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Bracha Export Corporation v. Director


March 20, 2012


On appeal from the Tax Court of New Jersey, Docket No. 6659-2005.

Per curiam.


Argued March 5, 2012

Before Judges Ashrafi and Fasciale.

Plaintiff Bracha Export Corporation appeals from a November 9, 2010 order of the Tax Court granting summary judgment in favor of defendant, Director, Division of Taxation (the Division). Plaintiff filed its complaint after the Division denied its S-corporation election and an allocation claim for the tax years 1998, 1999, and 2000. We affirm.

In 2002, the Division notified plaintiff that it could not file S-corporation Business Tax Returns (CBT-100S) for the tax years 1998, 1999, and 2000, and was instead required to file Corporation Business Tax Returns (CBT-100). The Division determined that plaintiff had not timely filed a valid New Jersey S-corporation election form, and that not all of plaintiff's consenting shareholders had filed New Jersey Gross Income Tax, Non-Resident returns for those years. Plaintiff formally protested the decision, and the Division arranged an administrative conference.

At the conference, plaintiff produced an S-corporation election form dated February 10, 1998. The Division issued a conference report finding that it had denied S-corporation status because one of plaintiff's three consenting shareholders named on the election form had not filed a personal income tax return for the three years in question, contrary to the jurisdictional requirements of N.J.S.A. 54:10A-5.22(b)(1)-(3). The Division noted that "[i]n not receiving any contrary notification, [plaintiff] began to file as an S-Corporation in NJ beginning in 1998." The Division concluded that even if the election form had been properly filed in February 1998, plaintiff remained an unauthorized foreign corporation until August 1998 and the S-corporation election form would therefore have been rejected anyway.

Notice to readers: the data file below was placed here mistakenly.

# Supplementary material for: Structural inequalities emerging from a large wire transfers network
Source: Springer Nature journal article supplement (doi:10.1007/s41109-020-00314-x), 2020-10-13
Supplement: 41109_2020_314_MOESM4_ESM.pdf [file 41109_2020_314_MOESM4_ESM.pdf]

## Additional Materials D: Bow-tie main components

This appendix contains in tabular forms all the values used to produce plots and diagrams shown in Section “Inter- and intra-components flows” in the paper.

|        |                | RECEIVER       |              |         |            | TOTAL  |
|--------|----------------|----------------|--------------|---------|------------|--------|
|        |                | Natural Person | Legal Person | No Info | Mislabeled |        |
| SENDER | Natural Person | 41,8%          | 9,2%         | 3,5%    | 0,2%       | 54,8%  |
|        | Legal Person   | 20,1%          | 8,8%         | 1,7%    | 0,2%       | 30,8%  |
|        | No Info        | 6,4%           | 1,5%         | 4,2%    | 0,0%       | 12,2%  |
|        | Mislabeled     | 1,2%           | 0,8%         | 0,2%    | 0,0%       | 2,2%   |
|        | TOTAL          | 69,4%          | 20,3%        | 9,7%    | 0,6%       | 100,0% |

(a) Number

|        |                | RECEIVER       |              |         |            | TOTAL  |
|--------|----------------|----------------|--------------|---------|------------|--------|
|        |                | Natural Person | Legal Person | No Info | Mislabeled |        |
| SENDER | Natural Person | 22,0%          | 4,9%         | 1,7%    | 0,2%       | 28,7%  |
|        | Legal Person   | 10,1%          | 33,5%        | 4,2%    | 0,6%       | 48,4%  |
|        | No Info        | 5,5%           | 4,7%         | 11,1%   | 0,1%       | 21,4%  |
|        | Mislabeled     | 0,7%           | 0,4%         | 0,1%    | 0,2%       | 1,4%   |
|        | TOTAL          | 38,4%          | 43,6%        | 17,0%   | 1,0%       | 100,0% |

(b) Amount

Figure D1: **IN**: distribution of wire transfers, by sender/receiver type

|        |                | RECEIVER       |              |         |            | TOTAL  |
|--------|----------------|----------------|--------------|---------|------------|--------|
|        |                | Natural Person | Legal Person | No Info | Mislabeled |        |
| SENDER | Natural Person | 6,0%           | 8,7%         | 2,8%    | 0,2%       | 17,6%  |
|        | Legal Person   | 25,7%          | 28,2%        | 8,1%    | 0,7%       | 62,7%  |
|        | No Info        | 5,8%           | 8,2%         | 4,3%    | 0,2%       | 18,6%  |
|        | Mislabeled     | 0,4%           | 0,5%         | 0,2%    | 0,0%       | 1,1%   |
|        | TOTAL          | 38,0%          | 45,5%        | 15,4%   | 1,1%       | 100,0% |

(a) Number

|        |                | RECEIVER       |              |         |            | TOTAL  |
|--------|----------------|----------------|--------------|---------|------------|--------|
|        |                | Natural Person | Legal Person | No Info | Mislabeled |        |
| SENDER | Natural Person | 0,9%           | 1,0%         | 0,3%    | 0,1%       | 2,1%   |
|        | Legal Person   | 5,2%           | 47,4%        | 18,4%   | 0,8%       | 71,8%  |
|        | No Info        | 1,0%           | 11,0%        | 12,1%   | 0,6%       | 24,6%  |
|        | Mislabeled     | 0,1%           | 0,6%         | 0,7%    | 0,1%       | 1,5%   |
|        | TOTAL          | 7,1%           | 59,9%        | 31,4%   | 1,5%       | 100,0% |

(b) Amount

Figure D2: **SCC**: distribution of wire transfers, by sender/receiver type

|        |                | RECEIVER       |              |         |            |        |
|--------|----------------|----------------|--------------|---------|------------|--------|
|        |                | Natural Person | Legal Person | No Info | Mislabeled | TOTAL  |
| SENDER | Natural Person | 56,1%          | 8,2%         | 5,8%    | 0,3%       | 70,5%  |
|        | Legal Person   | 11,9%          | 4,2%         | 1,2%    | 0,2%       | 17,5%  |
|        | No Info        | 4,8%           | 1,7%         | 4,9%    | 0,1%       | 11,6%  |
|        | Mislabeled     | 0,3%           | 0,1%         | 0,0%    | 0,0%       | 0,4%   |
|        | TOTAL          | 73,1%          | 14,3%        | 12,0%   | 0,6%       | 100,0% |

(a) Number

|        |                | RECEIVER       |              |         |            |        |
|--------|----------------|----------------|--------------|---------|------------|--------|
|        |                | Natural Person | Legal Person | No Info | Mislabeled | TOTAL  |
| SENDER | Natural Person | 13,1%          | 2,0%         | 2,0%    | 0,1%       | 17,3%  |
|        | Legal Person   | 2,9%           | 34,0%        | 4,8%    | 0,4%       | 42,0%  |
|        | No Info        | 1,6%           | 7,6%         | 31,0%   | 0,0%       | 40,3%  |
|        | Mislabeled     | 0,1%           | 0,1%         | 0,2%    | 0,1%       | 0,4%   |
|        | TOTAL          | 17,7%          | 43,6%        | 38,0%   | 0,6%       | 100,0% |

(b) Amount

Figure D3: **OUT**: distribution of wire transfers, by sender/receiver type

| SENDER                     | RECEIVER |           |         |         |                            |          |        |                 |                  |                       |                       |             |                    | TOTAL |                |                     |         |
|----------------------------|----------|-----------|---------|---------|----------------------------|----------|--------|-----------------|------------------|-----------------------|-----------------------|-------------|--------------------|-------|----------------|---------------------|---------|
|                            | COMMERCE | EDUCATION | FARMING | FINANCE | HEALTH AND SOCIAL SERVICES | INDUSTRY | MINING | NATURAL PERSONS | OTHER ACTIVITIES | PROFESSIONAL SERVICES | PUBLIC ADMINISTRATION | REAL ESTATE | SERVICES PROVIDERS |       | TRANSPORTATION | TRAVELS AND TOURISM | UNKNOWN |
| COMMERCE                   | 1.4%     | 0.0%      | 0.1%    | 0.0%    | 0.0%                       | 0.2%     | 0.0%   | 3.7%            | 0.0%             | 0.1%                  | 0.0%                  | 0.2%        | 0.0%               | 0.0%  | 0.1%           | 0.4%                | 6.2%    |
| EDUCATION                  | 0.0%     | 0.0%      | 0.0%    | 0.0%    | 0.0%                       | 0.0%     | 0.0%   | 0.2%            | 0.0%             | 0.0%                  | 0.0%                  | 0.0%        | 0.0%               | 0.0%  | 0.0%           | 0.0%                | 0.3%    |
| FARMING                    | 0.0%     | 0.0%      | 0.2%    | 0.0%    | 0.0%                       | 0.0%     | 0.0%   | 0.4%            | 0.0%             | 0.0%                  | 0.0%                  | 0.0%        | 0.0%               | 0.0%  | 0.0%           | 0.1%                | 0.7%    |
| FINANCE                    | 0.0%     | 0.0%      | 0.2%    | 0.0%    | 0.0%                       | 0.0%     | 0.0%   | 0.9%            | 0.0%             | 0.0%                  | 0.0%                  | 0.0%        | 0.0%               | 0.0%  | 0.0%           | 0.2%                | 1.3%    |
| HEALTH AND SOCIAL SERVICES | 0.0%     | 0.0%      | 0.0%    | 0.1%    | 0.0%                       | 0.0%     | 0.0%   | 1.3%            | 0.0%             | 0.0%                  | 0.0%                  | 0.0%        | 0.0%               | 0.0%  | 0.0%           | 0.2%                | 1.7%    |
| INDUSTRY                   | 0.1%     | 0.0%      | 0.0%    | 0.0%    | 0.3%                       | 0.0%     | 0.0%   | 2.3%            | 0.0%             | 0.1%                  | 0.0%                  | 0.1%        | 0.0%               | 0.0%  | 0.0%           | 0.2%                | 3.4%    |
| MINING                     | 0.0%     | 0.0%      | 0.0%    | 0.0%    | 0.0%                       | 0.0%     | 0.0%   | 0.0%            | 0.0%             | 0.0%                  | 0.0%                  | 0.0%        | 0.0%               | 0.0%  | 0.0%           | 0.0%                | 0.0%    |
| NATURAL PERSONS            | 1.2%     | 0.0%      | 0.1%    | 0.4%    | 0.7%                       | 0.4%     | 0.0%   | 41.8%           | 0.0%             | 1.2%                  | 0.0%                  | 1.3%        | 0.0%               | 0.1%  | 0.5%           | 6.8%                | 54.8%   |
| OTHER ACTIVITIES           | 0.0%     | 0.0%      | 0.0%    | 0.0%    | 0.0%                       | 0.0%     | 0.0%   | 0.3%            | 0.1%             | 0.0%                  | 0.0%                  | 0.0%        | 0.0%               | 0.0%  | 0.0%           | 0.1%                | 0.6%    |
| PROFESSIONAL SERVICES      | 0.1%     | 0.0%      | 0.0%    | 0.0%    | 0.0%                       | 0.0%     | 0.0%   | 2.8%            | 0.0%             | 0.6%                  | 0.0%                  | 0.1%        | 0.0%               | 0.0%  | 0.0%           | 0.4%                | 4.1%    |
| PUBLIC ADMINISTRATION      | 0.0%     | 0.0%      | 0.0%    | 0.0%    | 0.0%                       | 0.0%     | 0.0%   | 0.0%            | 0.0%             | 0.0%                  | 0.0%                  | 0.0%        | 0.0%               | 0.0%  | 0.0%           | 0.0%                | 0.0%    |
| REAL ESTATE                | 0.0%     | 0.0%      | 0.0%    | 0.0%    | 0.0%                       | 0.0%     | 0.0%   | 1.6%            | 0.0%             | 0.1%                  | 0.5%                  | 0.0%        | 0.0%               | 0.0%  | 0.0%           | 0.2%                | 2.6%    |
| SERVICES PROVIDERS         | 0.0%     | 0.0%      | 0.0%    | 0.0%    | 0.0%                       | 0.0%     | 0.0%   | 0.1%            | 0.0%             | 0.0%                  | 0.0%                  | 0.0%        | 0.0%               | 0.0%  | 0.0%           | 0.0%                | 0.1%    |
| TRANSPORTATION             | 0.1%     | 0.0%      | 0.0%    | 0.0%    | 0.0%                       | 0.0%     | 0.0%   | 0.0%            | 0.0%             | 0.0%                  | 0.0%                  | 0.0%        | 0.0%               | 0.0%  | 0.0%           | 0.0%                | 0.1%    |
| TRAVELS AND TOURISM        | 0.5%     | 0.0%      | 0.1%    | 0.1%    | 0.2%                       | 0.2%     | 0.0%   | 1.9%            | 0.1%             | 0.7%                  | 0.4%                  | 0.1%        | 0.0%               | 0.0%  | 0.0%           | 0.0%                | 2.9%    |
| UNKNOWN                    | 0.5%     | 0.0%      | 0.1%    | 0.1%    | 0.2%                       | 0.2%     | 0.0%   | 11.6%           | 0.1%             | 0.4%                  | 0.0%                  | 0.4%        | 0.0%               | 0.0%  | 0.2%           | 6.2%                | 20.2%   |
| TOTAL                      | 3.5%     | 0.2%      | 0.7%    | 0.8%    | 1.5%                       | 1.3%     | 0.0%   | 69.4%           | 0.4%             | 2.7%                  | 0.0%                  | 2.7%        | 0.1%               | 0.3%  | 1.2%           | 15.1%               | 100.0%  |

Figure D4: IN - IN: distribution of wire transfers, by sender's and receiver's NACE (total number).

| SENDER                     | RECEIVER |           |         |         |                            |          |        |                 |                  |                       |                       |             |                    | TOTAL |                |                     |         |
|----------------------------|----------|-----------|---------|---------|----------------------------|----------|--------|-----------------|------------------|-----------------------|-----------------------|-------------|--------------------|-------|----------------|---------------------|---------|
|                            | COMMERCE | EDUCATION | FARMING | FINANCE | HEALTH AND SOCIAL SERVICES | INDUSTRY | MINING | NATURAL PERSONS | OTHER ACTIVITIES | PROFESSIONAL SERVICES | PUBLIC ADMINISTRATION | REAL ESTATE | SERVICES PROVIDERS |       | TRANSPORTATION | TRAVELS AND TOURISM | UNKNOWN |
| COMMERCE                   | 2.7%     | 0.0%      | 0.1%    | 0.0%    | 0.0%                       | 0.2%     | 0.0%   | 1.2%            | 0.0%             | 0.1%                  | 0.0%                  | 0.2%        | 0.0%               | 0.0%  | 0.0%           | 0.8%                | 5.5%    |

On April 2, 2003, the Division issued a final determination confirming the findings and conclusions made at the conference. The Division notified plaintiff that under N.J.S.A. 54:51A-13, plaintiff had ninety days to appeal the determination. Instead of appealing, plaintiff amended its tax returns for 1998, 1999, and 2000 and filed CBT-100 returns. In August 2003, the Division notified plaintiff that it was denying an allocation claim made on the amended CBT-100 returns, and that plaintiff's outstanding tax for 1998, 1999, and 2000 with penalties and interest was $234,708.50. In September 2003, the Division issued an inquiry response letter to plaintiff explaining that its allocation claim had been disallowed because "form W-2 withholdings are in NJ and the [amended] CBT returns show 100% wages are allocated in NJ."

In October 2003, plaintiff protested the allocation denial. Plaintiff claimed that it had maintained a regular place of business in New York during the three tax years in question. On February 10, 2005, the parties participated in a conference regarding the allocation claim. Plaintiff asserted that it employed two workers on a part-time basis in a New York City warehouse used for shipping and receiving. The Division requested proof "such as an employment agreement, exact duties performed, NY income tax returns, detailed work schedule including salary that depicts the actual times and dates the two employees were present at the said warehouse." The Division also requested unemployment records and shipping and billing documents from the warehouse. Plaintiff responded that its accountant had not been "very knowledgeable concerning interstate taxation and payroll requirements or multistate activities[,] and as a result did not file any NYS payroll returns subsequent to the company's relocation to NJ."